4. Cook on medium heat for five to eight minutes till the chicken changes its colour and the liquid from the tomato puree dries up. The oil should separate from the gravy.

5. Now add diced potatoes and cook further for two to three minutes on medium heat. Don’t let the onion paste burn.

6. Add two cups of water to the mixture. Mix and let it boil on a high heat. Once boiled, reduce the heat to a gentle simmer (cover the pan) and cook for 25 minutes till potatoes are thoroughly cooked, curry has thickened and the oil starts floating on the top of the curry. If the curry has thickened too much for your taste then add ½ cup of hot water and let it simmer for two to three minutes.

I love to add a dusting of roasted and crushed cumin seeds on the curry along with fresh chopped coriander leaves before serving.

Note: If you don’t have a pressure cooker then let the onions and garlic ginger cook in oil. As it changes colour, add a bit of water and make a paste of it in a liquidiser. Pour it back in the cooking pan and dry the water till oil comes out on the sides and follow the method from step 3 onwards.

All photos: Ambreen Malik

This blog originally appeared here.

Ambreen Malik

Ambreen Malik

The author is a Microfinance Banker, food blogger, LSE Alum and a dragon in training. She tweets as @ambreen_malik (

The views expressed by the writer and the reader comments do not necessarily reflect the views and policies of The Express Tribune.

  • G

    This kashmiri cuisine however mirpuris in the UK eat Punjabi food, that’s ’cause majority of people in azad Jammu and Kashmir are of the same ethnicity as Punjabi anyways, its actually jammu,. Kashmir starts at neelam valley.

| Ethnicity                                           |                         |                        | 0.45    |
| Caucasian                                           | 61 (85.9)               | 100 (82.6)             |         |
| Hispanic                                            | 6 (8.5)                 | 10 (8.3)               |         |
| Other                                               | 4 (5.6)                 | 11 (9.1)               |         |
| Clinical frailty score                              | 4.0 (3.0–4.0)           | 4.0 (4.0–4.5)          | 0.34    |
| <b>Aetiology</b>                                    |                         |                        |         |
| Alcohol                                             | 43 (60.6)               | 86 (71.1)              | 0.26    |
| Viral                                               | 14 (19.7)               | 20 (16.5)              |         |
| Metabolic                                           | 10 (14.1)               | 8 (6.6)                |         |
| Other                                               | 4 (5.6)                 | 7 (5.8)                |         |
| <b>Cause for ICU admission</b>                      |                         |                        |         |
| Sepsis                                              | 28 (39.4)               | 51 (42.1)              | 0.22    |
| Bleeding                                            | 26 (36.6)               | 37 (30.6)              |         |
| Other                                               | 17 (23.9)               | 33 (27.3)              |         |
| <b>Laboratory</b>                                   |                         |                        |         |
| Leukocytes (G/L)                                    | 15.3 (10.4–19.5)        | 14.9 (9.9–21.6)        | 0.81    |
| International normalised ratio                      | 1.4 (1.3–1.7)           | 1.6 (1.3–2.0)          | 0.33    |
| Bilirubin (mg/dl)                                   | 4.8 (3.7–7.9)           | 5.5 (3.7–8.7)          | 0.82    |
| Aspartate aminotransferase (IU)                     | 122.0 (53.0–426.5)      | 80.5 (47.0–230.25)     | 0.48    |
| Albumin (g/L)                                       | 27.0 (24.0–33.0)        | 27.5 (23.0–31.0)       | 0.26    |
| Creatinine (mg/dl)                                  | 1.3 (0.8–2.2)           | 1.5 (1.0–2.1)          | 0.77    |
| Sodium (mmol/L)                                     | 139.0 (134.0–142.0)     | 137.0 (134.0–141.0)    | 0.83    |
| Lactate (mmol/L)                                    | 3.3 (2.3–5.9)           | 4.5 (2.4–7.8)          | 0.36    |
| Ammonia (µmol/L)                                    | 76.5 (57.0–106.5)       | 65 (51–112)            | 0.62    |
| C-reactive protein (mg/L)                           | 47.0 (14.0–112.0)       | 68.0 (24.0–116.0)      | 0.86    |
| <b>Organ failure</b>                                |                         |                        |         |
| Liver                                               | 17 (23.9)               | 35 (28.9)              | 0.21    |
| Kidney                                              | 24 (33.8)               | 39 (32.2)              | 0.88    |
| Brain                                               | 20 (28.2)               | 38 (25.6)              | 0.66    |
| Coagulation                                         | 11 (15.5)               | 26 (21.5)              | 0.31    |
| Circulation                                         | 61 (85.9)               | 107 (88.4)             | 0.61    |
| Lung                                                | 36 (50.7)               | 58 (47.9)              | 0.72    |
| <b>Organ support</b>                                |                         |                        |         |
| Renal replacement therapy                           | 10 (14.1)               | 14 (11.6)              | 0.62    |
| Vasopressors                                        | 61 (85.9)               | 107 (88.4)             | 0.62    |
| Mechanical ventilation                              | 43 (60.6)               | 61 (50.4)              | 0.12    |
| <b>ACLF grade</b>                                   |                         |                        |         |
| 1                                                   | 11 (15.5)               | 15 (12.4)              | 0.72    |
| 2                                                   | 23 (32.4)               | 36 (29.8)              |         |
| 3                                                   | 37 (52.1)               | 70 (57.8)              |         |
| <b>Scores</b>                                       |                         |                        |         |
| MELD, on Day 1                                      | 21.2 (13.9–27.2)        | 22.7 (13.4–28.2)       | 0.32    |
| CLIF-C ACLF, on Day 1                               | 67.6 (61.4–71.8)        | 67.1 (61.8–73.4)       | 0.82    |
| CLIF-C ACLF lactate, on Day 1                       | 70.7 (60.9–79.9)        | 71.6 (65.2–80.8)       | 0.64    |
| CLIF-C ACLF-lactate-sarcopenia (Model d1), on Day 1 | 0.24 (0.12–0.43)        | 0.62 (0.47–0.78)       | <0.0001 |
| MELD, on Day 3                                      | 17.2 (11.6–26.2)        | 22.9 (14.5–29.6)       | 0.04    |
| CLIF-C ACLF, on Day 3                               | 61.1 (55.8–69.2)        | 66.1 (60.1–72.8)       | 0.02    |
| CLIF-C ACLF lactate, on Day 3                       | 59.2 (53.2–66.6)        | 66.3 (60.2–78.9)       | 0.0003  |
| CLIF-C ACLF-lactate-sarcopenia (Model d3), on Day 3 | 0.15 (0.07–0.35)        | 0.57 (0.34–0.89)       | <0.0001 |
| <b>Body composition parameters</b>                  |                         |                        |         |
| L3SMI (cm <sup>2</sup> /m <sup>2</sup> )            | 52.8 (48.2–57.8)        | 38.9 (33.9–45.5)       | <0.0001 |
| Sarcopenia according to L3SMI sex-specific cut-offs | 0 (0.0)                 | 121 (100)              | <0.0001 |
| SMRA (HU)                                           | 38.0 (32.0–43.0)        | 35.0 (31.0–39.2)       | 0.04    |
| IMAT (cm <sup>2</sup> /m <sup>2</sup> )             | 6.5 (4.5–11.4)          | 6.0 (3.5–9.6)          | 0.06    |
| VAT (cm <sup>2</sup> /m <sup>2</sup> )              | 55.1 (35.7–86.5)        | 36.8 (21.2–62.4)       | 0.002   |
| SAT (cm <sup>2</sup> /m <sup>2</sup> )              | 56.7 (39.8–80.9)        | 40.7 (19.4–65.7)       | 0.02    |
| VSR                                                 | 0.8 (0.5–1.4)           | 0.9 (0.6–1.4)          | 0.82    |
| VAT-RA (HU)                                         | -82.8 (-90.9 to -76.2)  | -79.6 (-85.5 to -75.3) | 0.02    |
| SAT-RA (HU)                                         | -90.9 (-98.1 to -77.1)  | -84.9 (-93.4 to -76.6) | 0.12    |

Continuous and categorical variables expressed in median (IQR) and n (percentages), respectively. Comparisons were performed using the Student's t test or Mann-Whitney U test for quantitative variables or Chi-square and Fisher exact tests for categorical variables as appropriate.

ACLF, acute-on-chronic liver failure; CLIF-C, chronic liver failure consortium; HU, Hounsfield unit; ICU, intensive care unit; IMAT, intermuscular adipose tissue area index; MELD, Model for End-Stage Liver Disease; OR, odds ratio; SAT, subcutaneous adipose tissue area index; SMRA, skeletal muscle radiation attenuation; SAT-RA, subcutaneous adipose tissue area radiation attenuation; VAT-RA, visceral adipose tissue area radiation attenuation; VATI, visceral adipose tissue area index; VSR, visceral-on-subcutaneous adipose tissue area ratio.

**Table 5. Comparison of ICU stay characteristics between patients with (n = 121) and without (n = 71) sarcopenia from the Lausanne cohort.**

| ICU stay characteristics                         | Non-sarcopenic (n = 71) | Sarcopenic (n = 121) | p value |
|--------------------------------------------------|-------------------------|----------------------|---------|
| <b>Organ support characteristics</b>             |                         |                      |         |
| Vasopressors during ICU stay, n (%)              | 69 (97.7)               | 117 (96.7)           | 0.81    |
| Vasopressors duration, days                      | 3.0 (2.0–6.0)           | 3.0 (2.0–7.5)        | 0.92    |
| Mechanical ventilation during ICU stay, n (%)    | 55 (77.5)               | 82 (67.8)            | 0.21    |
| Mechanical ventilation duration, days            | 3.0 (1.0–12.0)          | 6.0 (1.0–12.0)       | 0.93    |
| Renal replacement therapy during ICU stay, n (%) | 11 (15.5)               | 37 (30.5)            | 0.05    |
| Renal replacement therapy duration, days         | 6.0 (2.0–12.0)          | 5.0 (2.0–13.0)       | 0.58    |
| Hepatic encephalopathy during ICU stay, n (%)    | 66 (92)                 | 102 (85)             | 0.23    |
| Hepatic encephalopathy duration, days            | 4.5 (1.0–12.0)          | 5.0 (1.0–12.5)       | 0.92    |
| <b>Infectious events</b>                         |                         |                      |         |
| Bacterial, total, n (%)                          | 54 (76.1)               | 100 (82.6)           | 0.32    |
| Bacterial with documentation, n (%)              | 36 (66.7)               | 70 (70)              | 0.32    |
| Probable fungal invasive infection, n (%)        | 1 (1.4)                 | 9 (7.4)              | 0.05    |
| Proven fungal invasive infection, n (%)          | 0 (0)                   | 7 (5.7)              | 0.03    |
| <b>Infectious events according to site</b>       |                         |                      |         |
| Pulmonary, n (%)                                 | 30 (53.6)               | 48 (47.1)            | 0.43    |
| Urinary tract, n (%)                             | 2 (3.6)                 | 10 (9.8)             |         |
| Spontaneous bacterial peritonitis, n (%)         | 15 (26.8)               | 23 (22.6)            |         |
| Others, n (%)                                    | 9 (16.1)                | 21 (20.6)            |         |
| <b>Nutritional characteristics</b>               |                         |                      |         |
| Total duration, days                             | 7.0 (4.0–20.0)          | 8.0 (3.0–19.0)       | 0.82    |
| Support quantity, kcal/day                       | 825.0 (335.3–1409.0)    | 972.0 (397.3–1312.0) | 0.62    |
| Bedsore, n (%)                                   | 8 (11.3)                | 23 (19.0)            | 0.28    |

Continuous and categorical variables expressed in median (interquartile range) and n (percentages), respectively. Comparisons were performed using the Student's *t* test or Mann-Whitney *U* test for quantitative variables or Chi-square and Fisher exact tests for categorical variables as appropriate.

If you want to taste real kashmiri food in Punjab then just visit kashmiri communities in Sialkot,Gujranwala,Gujrat and Gawalmandi in Lahore, there you can find traditional kashmiri cuisine like shab deg,gustaba,rogan josh and noon Chalo.Recommend

  • Sami

    It is not some unique dish. It is known as Aloo gosht in other parts of Pakistan especially in Punjab. It has many variations out of which one is discussed here. But i could not understand that when some people try to hijack the names of the dishes and try to own the dishes when they know that such cuisine is common in many other regions.Recommend

  • baltistani

    Its good to know about POK and occupied gilgit….Recommend

  • Malveros

    That looks and sounds delicious. Yum Yum.Recommend

  • islooboy
  • Hassan Cordobi

    It is really encouraging that someone is documenting Pakistan’s culinary heritage. In this age of fast food and ready meals, there is a real danger that this heritage could be lost. Recommend

  • RFD

    What is your point? The blogger did not hijack any name.
    She chose a name she is familiar with. According to you
    maybe she should have put down all the various names?
    Or a disclaimer saying I don’t know what this is called by Sindhis
    Balochis, Pathans, Muhajjirs, Sri Lankans, Malays, Singaporeans,
    Burmese, Thais,…and hindustanis….oh,..and Afghans.Recommend

  • Sane

    Keep something ready for holy month of Ramadan. We in Pakistan take this month as the month of food festival. Instead of fasting and praying to Allah for mercy and blessings we throng on food.Recommend

  • saif dewan

    at our home , we also have awesome chicken curry dish. nice article.Recommend

  • Arani Banerjee

    Absolutely. The recipe is quite similar to Bengali ‘Murgi Curry’. We saute the potatoes with turmeric and salt before turning them into the gravy. Kashmiri would be Wazwa Chicken. In Srinagar, Ahdoos hotel near Residency would serve an excellent version of that.Recommend